Types of Risk

While more publicity is given to risk in the stock markets, there are a number of risks associated with investing in bonds:

  • Call risk - when interest rates fall, a callable bond is more likely to be called in; the investor would then have to replace it with a lower-coupon bond.

  • Reinvestment risk - this can refer to reinvestment of principal after a bond is called, as well as reinvestment of the dividends from a high-coupon bond into a lower-rate investment.

  • Credit risk - this refers to the possibility that the bond issuer will not be able to make expected interest rate payments and/or principal repayment.

  • Interest rate risk - if interest rates rise, the market value of the bond will decline. This is less of an issue if the investor can hold the bond until it matures.

  • Purchasing power risk - also referred to as inflation risk, this refers to the very real possibility that as inflation increases the purchasing power of the bond income will decrease.

  • Liquidity risk - this refers to the marketability of the bond. Certain issuers may be less marketable than others.

  • Event risk - any number of events can impact the creditworthiness of the issuer. Leveraged buyouts, corporate restructurings, mergers and acquisitions, and bankruptcies can all have a negative impact on a bond's price.

  • Opportunity risk - this refers to the potentially higher rate of return an investor could earn if the money used to purchase a bond were placed in an alternate investment.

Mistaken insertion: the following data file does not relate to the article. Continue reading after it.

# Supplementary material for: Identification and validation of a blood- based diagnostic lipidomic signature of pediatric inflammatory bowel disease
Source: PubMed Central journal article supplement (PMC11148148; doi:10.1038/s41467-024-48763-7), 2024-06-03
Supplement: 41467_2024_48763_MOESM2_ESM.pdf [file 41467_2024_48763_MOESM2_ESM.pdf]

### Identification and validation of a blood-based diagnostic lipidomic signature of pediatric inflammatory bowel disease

• Currency risk - also known as exchange risk, this was discussed in section 12 and applies only to foreign bonds.

Duration
The primary measure of bond price volatility is duration. It takes into account both the length of time to maturity and the difference between the coupon rate and the yield to maturity. Here are some of the most important facts about duration:

  • The longer the duration of a particular bond, the more its price will fluctuate in response to interest rate changes.

  • Duration is always equal to or less than the years to maturity of the bond.

  • Duration can help to calculate the impact of interest rate changes on the price of the bond. For example, a bond with a duration of 8 is likely to decrease 8% for every100-basis-point increase in market interest rates.

  • Duration is a weighted average term to maturity.

  • As payment frequency increases, duration decreases.


Look Out!
A zero-coupon bond, with only one payment (at the end of the term), has the highest duration of any bond and is therefore the most sensitive to price changes due to interest rate changes. You are very likely to be tested on this on the Series 65 exam.

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